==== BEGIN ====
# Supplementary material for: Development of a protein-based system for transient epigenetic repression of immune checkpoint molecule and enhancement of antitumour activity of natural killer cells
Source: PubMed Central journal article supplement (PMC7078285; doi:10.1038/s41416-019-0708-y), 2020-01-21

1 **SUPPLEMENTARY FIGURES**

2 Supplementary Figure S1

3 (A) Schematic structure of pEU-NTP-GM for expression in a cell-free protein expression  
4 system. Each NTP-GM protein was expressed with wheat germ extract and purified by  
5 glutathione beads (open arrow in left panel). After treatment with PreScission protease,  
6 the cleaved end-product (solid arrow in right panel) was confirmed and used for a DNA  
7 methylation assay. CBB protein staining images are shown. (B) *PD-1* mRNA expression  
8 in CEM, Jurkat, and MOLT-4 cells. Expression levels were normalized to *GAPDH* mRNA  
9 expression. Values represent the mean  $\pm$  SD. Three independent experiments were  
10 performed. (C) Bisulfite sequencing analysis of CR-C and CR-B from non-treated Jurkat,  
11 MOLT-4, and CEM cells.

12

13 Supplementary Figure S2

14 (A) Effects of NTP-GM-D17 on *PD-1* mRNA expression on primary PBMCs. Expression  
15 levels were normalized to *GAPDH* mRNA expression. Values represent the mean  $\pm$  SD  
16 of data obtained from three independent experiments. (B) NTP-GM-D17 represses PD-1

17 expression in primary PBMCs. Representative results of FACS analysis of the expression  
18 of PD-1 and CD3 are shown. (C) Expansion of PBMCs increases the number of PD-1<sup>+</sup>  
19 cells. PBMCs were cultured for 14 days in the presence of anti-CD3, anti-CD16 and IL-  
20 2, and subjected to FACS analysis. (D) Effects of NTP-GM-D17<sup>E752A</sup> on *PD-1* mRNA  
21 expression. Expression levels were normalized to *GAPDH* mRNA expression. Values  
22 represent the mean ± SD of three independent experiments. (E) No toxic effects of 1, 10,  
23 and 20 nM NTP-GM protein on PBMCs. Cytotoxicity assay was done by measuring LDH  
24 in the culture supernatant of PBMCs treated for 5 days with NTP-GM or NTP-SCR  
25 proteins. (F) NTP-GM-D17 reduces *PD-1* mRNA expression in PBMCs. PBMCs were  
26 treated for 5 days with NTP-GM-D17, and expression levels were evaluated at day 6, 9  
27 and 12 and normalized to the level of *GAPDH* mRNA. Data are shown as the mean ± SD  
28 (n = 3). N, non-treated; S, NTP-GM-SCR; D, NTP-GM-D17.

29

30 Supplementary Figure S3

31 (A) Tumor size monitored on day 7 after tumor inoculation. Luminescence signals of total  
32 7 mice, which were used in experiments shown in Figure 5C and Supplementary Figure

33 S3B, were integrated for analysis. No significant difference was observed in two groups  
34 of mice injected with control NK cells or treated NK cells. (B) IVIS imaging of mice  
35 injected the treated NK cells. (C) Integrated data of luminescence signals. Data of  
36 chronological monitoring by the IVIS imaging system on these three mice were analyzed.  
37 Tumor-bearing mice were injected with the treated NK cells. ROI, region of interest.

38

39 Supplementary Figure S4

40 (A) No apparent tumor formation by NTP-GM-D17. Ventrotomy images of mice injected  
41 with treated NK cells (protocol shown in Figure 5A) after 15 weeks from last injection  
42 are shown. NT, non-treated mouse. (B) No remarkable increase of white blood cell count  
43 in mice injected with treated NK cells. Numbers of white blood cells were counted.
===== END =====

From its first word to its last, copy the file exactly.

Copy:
# Supplementary material for: Development of a protein-based system for transient epigenetic repression of immune checkpoint molecule and enhancement of antitumour activity of natural killer cells
Source: PubMed Central journal article supplement (PMC7078285; doi:10.1038/s41416-019-0708-y), 2020-01-21

1 **SUPPLEMENTARY FIGURES**

2 Supplementary Figure S1

3 (A) Schematic structure of pEU-NTP-GM for expression in a cell-free protein expression  
4 system. Each NTP-GM protein was expressed with wheat germ extract and purified by  
5 glutathione beads (open arrow in left panel). After treatment with PreScission protease,  
6 the cleaved end-product (solid arrow in right panel) was confirmed and used for a DNA  
7 methylation assay. CBB protein staining images are shown. (B) *PD-1* mRNA expression  
8 in CEM, Jurkat, and MOLT-4 cells. Expression levels were normalized to *GAPDH* mRNA  
9 expression. Values represent the mean  $\pm$  SD. Three independent experiments were  
10 performed. (C) Bisulfite sequencing analysis of CR-C and CR-B from non-treated Jurkat,  
11 MOLT-4, and CEM cells.

12

13 Supplementary Figure S2

14 (A) Effects of NTP-GM-D17 on *PD-1* mRNA expression on primary PBMCs. Expression  
15 levels were normalized to *GAPDH* mRNA expression. Values represent the mean  $\pm$  SD  
16 of data obtained from three independent experiments. (B) NTP-GM-D17 represses PD-1

17 expression in primary PBMCs. Representative results of FACS analysis of the expression  
18 of PD-1 and CD3 are shown. (C) Expansion of PBMCs increases the number of PD-1<sup>+</sup>  
19 cells. PBMCs were cultured for 14 days in the presence of anti-CD3, anti-CD16 and IL-  
20 2, and subjected to FACS analysis. (D) Effects of NTP-GM-D17<sup>E752A</sup> on *PD-1* mRNA  
21 expression. Expression levels were normalized to *GAPDH* mRNA expression. Values  
22 represent the mean ± SD of three independent experiments. (E) No toxic effects of 1, 10,  
23 and 20 nM NTP-GM protein on PBMCs. Cytotoxicity assay was done by measuring LDH  
24 in the culture supernatant of PBMCs treated for 5 days with NTP-GM or NTP-SCR  
25 proteins. (F) NTP-GM-D17 reduces *PD-1* mRNA expression in PBMCs. PBMCs were  
26 treated for 5 days with NTP-GM-D17, and expression levels were evaluated at day 6, 9  
27 and 12 and normalized to the level of *GAPDH* mRNA. Data are shown as the mean ± SD  
28 (n = 3). N, non-treated; S, NTP-GM-SCR; D, NTP-GM-D17.

29

30 Supplementary Figure S3

31 (A) Tumor size monitored on day 7 after tumor inoculation. Luminescence signals of total  
32 7 mice, which were used in experiments shown in Figure 5C and Supplementary Figure

33 S3B, were integrated for analysis. No significant difference was observed in two groups  
34 of mice injected with control NK cells or treated NK cells. (B) IVIS imaging of mice  
35 injected the treated NK cells. (C) Integrated data of luminescence signals. Data of  
36 chronological monitoring by the IVIS imaging system on these three mice were analyzed.  
37 Tumor-bearing mice were injected with the treated NK cells. ROI, region of interest.

38

39 Supplementary Figure S4

40 (A) No apparent tumor formation by NTP-GM-D17. Ventrotomy images of mice injected  
41 with treated NK cells (protocol shown in Figure 5A) after 15 weeks from last injection  
42 are shown. NT, non-treated mouse. (B) No remarkable increase of white blood cell count  
43 in mice injected with treated NK cells. Numbers of white blood cells were counted.